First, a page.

John Campbell

Africa in Transition

Campbell tracks political and security developments across sub-Saharan Africa.

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Showing posts for "Development"

Where African Immigrants live in New York City

by John Campbell
The shaded areas of this map reflect the parts of New York City where an African language is the
 third most widely spoken language in the home. (Allen Grane/Google Maps) The shaded areas of this map reflect the parts of New York City where an African language is the third most widely spoken language in the home. (Allen Grane/Google Maps)

As I have written earlier, there is significant immigration from Africa to the United States underway. The New York Times estimates that those born in Africa are about 4 percent of New York City’s immigrant population. Read more »

Establishing a Sacred Trust

by Guest Blogger for John Campbell
U.S. President Barack Obama sits next to the Director of the CDC Tom Frieden (R) and Health and Human Services Secretary Sylvia Burwell (L) as he participates in a briefing, on efforts to control the Ebola virus, at the Centers for Disease Control and Prevention in Atlanta, Georgia, September 16, 2014. (Larry Downing/Courtesy Reuters) U.S. President Barack Obama sits next to the Director of the CDC Tom Frieden (R) and Health and Human Services Secretary Sylvia Burwell (L) as he participates in a briefing, on efforts to control the Ebola virus, at the Centers for Disease Control and Prevention in Atlanta, Georgia, September 16, 2014. (Larry Downing/Courtesy Reuters)

 

This is a guest post by Colonel Clint Hinote. He is the 2014-2015 U.S. Air Force Military Fellow at the Council on Foreign Relations. The opinions expressed here are his own.

 

Because what makes us unique on the face of the earth is that as a military if you need something, were going to get it for you. You can trust in that. Read more »

An Expensive Lesson In Education

by Guest Blogger for John Campbell
Students walk to school in Zimbabwe's capital Harare, January 27, 2009. (Philimon Bulawayo/Courtesy Reuters) Students walk to school in Zimbabwe's capital Harare, January 27, 2009. (Philimon Bulawayo/Courtesy Reuters)

This is a guest post by Cheryl Strauss Einhorn, a journalist and adjunct professor at the Columbia University Graduate School of Journalism.

With an already shaky economy, Zimbabwe’s new education minister Lazarus Dokora’s decision to make a series of drastic “reforms” is shortsighted and potentially destabilizing. Without a strong education system, the country may lack cohesion and the tools to propel economic growth, both of which Zimbabwe sorely needs now. Read more »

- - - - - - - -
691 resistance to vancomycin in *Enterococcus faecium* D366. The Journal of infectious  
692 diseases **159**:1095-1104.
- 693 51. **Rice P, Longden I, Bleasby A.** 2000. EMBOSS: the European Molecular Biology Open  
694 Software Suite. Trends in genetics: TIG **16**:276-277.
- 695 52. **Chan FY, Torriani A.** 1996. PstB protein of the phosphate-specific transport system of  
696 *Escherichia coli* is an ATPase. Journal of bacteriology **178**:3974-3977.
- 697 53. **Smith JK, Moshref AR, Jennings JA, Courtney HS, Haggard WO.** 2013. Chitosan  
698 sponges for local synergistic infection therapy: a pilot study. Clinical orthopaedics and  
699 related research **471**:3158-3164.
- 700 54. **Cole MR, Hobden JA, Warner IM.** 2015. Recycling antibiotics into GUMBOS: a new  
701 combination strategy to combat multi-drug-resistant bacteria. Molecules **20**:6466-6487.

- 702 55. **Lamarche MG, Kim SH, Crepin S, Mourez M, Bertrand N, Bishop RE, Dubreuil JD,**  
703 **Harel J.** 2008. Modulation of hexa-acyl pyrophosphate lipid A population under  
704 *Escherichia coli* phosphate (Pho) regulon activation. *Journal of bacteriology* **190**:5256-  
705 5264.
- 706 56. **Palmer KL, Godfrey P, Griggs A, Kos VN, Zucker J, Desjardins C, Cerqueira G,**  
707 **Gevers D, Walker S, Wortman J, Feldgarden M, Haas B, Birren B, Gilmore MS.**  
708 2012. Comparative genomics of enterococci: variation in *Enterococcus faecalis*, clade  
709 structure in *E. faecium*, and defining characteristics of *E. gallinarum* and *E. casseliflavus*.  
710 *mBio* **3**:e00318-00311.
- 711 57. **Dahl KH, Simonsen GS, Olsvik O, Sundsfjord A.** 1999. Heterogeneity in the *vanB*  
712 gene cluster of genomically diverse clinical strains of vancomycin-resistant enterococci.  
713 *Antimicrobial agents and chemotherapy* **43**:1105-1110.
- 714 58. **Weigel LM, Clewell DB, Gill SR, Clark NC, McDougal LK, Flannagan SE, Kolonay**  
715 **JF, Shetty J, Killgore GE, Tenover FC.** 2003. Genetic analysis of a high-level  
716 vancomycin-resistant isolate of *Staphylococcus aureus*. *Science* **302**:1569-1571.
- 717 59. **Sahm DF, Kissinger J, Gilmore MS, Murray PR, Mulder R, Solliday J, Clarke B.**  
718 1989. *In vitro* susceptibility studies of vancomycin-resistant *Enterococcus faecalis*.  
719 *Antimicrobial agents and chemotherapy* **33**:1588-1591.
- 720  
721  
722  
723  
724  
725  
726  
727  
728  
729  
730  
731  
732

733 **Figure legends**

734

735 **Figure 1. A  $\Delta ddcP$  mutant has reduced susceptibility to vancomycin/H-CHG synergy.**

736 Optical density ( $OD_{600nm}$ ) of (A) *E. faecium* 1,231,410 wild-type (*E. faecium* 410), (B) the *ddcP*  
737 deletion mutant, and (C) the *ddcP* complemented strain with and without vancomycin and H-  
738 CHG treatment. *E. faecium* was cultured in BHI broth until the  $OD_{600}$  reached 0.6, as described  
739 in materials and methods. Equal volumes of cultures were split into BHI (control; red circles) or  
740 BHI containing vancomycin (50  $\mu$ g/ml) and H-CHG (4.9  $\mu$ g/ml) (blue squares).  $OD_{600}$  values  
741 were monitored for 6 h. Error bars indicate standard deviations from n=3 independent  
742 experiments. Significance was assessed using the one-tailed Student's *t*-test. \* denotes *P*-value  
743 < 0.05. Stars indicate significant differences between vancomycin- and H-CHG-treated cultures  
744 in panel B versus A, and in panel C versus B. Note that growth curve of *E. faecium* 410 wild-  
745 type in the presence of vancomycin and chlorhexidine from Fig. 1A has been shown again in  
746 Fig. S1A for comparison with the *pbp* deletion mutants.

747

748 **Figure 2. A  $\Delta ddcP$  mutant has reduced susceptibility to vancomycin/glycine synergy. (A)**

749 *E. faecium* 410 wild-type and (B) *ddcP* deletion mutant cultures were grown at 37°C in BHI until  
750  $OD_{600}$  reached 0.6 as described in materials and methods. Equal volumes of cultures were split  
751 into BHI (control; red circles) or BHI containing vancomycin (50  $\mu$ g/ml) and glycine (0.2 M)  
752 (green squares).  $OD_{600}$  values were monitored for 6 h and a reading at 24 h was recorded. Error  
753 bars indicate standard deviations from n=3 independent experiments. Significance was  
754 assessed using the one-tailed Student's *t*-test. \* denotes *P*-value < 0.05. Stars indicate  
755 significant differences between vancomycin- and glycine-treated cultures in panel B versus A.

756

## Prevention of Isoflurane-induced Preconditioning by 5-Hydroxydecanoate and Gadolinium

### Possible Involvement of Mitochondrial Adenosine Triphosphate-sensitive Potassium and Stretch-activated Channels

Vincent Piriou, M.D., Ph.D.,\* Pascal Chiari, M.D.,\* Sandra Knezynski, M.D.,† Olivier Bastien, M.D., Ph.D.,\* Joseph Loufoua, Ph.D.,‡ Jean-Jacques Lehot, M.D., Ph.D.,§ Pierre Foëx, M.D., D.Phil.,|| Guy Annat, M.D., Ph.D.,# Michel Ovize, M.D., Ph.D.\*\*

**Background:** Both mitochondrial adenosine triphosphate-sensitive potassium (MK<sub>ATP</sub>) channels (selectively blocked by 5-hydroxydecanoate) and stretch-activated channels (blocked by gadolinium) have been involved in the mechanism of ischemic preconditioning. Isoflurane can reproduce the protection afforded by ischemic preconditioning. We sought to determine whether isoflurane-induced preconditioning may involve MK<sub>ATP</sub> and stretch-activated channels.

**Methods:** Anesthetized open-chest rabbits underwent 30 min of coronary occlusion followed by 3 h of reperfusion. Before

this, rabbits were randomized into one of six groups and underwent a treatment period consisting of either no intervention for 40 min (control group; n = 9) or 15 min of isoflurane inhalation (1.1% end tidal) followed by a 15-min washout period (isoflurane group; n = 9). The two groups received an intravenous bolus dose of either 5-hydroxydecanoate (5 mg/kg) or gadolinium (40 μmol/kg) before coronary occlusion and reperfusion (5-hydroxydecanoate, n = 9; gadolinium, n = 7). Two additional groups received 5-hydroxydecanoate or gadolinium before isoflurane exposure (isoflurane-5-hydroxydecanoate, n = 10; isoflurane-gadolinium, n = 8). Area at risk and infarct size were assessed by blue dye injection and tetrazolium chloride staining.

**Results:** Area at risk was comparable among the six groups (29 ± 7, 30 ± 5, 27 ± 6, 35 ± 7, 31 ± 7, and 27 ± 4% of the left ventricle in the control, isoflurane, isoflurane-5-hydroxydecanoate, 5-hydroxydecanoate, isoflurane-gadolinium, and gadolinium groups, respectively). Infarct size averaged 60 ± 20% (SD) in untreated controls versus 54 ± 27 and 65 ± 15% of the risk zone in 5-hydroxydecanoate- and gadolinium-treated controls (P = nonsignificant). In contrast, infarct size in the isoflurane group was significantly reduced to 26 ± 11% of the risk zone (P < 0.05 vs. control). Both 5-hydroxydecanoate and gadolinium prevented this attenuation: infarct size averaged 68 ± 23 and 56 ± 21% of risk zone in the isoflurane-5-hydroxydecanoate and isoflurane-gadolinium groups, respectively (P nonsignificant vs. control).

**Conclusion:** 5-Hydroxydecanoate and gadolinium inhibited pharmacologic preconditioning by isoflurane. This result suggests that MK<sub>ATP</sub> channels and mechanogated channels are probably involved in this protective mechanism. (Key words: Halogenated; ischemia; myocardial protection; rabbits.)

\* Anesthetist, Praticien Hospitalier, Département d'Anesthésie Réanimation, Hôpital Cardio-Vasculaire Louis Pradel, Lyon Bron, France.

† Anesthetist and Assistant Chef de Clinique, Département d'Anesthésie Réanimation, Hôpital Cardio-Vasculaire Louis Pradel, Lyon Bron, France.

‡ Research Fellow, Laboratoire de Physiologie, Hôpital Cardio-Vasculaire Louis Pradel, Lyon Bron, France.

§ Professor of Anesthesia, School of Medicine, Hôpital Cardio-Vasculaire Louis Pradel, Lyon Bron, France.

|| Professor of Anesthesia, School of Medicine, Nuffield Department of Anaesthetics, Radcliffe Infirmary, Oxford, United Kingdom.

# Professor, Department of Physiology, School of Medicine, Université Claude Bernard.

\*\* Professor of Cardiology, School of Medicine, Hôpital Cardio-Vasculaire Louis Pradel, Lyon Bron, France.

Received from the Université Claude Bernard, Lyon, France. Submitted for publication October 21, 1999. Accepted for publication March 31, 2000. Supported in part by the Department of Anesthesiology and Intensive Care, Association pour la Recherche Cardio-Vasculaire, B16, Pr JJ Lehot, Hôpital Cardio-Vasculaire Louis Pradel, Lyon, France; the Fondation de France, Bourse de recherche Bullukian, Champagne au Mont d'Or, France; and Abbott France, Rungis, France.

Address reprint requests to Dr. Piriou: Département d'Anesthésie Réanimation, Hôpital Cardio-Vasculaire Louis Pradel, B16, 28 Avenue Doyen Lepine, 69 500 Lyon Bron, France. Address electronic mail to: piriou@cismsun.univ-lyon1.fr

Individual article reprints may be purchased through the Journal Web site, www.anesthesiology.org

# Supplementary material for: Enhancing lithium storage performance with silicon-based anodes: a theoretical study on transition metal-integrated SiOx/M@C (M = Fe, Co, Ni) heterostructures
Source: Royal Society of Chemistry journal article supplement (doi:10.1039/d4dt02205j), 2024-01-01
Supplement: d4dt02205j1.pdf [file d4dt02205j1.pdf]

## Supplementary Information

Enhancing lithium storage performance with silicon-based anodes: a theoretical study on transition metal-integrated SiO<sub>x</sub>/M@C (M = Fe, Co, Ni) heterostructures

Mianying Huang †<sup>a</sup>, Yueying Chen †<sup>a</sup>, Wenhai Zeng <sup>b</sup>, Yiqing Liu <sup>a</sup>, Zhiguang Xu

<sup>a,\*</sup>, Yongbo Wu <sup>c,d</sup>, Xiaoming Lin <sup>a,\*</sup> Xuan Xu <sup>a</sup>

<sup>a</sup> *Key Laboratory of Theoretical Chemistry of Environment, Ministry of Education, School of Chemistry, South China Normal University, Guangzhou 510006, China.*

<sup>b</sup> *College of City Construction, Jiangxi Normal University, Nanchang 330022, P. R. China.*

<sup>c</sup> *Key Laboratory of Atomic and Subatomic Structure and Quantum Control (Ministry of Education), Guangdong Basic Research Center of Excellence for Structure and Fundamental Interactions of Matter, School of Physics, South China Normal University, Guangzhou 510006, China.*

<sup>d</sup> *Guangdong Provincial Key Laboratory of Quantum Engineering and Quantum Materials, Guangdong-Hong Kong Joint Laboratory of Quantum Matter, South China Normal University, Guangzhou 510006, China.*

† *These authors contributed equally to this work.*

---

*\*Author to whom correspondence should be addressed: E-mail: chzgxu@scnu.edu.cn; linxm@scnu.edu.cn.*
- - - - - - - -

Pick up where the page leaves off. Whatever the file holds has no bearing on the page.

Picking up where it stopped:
HIV/AIDS, South Africa, and the United States

by John Campbell
U.S. Secretary of State Hillary Clinton talks with South Africa's Health Minister Aaron Motsoaledi after attending a PEPFAR (U.S. President's Emergency Plan for AIDS Relief) Transition Signing, at Delft South Clinic in Delft South, a suburb of Cape Town, August 8, 2012. (Jacquelyn Martin-Pool/Courtesy Reuters) U.S. Secretary of State Hillary Clinton talks with South Africa's Health Minister Aaron Motsoaledi after attending a PEPFAR (U.S. President's Emergency Plan for AIDS Relief) Transition Signing, at Delft South Clinic in Delft South, a suburb of Cape Town, August 8, 2012. (Jacquelyn Martin-Pool/Courtesy Reuters)

In the aftermath of the miracle of a democratic transition from apartheid to “non-racial” democracy, South Africa faced a disease nightmare. During the presidencies of Nelson Mandela and his successor, Thabo Mbeki, up to a third of some population groups in South Africa were victims of HIV/AIDS. Deaths soared, and the national life expectancy dropped by a decade. Read more »

Africa, The Summit and Development

by Guest Blogger for John Campbell
U.S. President Barack Obama (bottom row, C) waits to depart with other leaders after a family photo for the U.S.-Africa Leaders Summit at the U.S. State Department in Washington, August 6, 2014. (Larry Downing/Courtesy Reuters) U.S. President Barack Obama (bottom row, C) waits to depart with other leaders after a family photo for the U.S.-Africa Leaders Summit at the U.S. State Department in Washington, August 6, 2014. (Larry Downing/Courtesy Reuters)

This is a guest post by Owen Cylke. Mr. Cylke is a development professional and a retired senior foreign service officer with U.S. Agency for International Development.